Right about now, Dad’s probably in the basement, watching the news or a home repair show, Ginger, the German Shepard, at his side. He’s in a well-worn ottoman, the only place to sit down there. The tabletop TV is on top of a piece of history: an old combo black & white TV/record player that might actually still work; it was already plenty old when I used to watch it down there in that basement as a kid. Behind him is a pool table that hasn’t been used in years. On the wall are two team portraits from the Cleveland Browns’ championship run in the ‘50s; I had them framed as a Christmas gift. Next to him is a cage, from back when there were two dogs. There are old magazines and newspapers on top of virtually every surface, contributing to the overall vibe of lived-in clutter in what used to be a nice little party room.
In the other half of the basement, surrounding the washer, dryer, deep freezer and furnace, are remnants of a working man’s life; old tools, electronic parts, oscillators and converters and other gadgets long since claimed by dust, box after box of fuses and nails lining the long shelves that you barely notice are there. There’s a worktable, my sister’s old bike, and goodness only knows what else, buried amidst all that stuff. It’s all testimony to the two great themes of Dad’s working life: his years as a TV repairman, fascinated with the inner workings of stuff, and the pride he’s had in owning this house, this piece of territory, this place he could claim as his own.
Once the weather breaks, he’ll spend more time outdoors, tending to his yard. Because the driveway is shorter than the others on the block, the backyard is larger, and every inch of that yard has been used over the years. It served as a neighborhood playground when I was a kid, because that was the only patch of green space in the immediate vicinity (except for the corner the dogs claimed as their bathroom). The fence he built along the back years ago still stands, weather-worn but still sturdy and solid. Dad lovingly landscaped every available inch front and back, with shrubbery along the sides, flowers in the front, and a small patch of garden in the back where the picnic table used to sit. He grows tomatoes every year, and sometimes other veggies, too. He also loves to barbeque, and years ago had a gas grill installed in the back, upgrading from the reliable charcoal grill that produced the tenderest barbequed steaks I’ve ever had.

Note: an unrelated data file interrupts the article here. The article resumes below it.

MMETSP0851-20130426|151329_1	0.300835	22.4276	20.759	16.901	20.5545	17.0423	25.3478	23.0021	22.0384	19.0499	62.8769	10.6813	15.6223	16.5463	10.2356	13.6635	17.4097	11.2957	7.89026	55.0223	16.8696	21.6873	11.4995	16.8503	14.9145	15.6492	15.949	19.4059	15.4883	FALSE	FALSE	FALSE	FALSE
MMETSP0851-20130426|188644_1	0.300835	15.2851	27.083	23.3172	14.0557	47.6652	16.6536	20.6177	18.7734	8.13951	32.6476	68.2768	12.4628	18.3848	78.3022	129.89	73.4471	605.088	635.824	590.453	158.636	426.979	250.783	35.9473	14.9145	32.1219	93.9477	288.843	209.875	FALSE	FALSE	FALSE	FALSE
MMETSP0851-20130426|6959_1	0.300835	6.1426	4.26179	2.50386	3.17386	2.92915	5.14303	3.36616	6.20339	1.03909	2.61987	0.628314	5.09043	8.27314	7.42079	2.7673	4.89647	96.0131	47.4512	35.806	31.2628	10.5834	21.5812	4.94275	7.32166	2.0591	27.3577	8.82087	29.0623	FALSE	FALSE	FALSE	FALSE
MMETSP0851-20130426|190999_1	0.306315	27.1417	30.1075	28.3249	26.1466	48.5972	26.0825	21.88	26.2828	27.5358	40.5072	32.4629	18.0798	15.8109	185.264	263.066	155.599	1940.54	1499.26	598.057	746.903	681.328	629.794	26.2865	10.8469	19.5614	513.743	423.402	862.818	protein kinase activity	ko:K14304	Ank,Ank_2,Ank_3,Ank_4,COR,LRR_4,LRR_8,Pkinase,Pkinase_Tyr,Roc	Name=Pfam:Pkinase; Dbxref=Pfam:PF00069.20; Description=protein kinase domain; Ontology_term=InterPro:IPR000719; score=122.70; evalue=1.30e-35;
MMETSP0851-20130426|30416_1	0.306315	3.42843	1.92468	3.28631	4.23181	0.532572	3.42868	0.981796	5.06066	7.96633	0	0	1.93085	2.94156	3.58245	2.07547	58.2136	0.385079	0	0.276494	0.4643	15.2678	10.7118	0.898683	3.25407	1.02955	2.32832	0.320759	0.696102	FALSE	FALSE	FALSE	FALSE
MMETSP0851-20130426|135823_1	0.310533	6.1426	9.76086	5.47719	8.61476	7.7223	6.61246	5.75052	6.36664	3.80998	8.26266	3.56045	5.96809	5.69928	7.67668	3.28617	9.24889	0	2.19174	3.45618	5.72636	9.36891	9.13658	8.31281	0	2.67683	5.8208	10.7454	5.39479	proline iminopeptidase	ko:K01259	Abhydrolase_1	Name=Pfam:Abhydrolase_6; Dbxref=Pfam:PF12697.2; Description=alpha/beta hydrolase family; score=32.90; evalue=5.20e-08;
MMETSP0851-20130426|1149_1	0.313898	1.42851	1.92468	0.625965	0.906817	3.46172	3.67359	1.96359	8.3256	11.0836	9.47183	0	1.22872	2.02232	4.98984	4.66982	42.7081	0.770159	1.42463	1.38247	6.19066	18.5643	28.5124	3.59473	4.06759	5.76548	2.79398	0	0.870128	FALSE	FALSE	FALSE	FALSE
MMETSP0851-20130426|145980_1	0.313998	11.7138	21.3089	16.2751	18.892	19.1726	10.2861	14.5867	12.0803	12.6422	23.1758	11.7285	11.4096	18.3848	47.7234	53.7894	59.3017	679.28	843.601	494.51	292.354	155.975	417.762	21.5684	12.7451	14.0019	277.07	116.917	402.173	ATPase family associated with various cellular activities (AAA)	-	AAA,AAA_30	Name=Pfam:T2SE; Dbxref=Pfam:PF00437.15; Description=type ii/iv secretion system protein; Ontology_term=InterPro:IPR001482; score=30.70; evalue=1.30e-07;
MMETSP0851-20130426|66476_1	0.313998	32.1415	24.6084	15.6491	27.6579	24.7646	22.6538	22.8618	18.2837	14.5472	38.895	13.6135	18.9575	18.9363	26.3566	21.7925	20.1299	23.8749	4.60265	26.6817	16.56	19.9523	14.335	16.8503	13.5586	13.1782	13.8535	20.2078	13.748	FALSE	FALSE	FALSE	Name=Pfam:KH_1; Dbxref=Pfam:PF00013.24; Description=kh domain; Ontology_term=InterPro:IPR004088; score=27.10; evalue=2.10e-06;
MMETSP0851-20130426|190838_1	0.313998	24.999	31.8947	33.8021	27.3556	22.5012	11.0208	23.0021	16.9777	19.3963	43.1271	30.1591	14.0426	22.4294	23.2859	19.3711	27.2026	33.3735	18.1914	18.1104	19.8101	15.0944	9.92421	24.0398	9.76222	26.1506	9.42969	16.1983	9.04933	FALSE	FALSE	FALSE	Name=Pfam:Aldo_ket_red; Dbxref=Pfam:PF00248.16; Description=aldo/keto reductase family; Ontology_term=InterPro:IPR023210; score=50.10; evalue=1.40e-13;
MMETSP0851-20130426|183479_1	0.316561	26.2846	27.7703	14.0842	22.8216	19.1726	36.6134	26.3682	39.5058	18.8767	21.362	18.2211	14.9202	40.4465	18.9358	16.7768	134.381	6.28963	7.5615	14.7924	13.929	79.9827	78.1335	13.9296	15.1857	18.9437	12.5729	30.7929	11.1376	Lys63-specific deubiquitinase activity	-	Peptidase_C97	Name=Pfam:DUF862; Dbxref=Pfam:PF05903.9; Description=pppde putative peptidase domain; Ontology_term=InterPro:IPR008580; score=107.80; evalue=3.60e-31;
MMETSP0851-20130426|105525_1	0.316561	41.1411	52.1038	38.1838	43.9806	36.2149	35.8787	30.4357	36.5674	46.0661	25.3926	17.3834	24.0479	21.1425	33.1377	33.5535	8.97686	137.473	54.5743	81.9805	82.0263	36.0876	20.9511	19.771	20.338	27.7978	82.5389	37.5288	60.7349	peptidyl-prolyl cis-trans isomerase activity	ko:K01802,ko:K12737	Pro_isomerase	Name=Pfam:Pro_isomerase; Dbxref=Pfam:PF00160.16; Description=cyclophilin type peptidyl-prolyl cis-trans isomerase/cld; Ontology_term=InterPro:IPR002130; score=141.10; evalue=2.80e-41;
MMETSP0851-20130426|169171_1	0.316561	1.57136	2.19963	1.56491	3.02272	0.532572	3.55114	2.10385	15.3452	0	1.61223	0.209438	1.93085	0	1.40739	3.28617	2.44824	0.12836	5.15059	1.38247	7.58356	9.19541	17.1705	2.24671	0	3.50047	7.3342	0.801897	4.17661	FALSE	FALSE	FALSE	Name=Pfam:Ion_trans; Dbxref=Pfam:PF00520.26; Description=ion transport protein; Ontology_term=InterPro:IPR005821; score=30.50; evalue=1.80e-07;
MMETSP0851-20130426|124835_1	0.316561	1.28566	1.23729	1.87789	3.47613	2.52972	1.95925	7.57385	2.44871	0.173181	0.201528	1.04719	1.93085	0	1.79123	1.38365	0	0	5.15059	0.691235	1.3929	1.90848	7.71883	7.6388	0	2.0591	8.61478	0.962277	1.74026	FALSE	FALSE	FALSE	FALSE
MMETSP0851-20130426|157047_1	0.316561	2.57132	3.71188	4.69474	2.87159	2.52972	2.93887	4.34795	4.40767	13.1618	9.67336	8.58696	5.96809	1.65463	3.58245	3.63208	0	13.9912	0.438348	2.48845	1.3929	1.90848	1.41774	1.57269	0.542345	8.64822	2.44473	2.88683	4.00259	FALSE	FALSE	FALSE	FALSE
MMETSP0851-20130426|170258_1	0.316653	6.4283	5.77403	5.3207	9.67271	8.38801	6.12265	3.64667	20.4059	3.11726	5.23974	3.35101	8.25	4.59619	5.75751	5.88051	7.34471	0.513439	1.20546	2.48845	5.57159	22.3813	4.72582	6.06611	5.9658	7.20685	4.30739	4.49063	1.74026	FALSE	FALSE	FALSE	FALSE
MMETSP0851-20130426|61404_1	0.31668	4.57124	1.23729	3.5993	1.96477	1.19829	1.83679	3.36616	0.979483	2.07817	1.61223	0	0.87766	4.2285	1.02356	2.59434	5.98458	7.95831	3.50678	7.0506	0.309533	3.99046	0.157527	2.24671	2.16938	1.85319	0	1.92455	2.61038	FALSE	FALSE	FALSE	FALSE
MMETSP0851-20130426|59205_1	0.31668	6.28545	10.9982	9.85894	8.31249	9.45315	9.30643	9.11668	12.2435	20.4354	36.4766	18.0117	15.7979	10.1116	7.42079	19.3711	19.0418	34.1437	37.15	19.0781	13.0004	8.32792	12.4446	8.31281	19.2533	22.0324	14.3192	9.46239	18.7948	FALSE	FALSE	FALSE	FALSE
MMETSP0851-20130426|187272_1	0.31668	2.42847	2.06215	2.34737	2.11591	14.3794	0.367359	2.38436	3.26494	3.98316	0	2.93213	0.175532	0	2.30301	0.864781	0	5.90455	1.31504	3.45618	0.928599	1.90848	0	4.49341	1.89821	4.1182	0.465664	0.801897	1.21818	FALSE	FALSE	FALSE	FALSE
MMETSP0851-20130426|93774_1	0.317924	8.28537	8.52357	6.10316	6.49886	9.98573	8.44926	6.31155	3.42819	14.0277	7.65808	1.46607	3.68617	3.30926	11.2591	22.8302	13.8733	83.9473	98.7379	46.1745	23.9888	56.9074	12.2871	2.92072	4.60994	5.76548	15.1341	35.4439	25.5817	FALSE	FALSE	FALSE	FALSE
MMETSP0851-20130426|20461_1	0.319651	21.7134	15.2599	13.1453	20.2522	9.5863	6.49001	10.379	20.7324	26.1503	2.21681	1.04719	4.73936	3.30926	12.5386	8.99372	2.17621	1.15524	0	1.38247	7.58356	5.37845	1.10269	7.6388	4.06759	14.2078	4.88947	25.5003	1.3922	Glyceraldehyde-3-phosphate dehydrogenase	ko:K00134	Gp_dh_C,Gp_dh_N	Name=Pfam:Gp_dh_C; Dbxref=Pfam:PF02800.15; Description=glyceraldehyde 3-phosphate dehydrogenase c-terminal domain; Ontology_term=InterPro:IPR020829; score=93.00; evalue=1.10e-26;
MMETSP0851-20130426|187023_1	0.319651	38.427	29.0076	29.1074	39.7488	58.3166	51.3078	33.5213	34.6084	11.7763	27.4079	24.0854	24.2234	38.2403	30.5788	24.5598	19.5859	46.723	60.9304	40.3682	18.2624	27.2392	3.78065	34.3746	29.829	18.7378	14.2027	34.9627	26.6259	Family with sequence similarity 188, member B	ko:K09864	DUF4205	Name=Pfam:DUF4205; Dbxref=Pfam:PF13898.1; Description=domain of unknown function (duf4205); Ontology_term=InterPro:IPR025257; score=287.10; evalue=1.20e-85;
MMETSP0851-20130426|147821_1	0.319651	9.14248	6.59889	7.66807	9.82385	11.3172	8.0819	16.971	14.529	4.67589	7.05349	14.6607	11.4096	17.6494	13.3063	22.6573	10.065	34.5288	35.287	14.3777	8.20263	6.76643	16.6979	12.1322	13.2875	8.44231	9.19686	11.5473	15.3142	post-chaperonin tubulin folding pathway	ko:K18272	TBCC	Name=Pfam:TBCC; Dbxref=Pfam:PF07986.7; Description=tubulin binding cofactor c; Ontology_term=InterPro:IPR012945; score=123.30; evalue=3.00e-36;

This has been his yard since 1963, when we were one of the first black families to move onto the block. There was no big high school nearby back then, and the shopping center was much more modest – two grocery stores, a big department store, a drug store, a record store later on, and a bunch of smaller shops, all of them long gone, as well as the actual buildings. Really, there wasn’t much more than a bunch of other middle-aged, middle-class black couples and families on our street, moving into our own homes in one of the sections of Cleveland’s East Side where there was still room to grow. As kids, we could play up and down the street, without worrying about any weird stuff happening. Everything felt new back then, full of possibility.
The matchbox-sized fire station is still on the corner of the main drag, and there’s still a dry cleaner across from it. There are still competing gas stations on two corners of the main intersection, but just about everything else about the neighborhood is a lot different now. A lot of the trees were removed from tree lawns on one stretch, giving it a much more barren, wide-open feel. The library was moved from a storefront near the old department store to a standalone building next to the high school. They tore my old elementary school down last year. And crime is an issue – why wouldn’t it be, in these hard times in a city as hard-hit by the recession as Cleveland?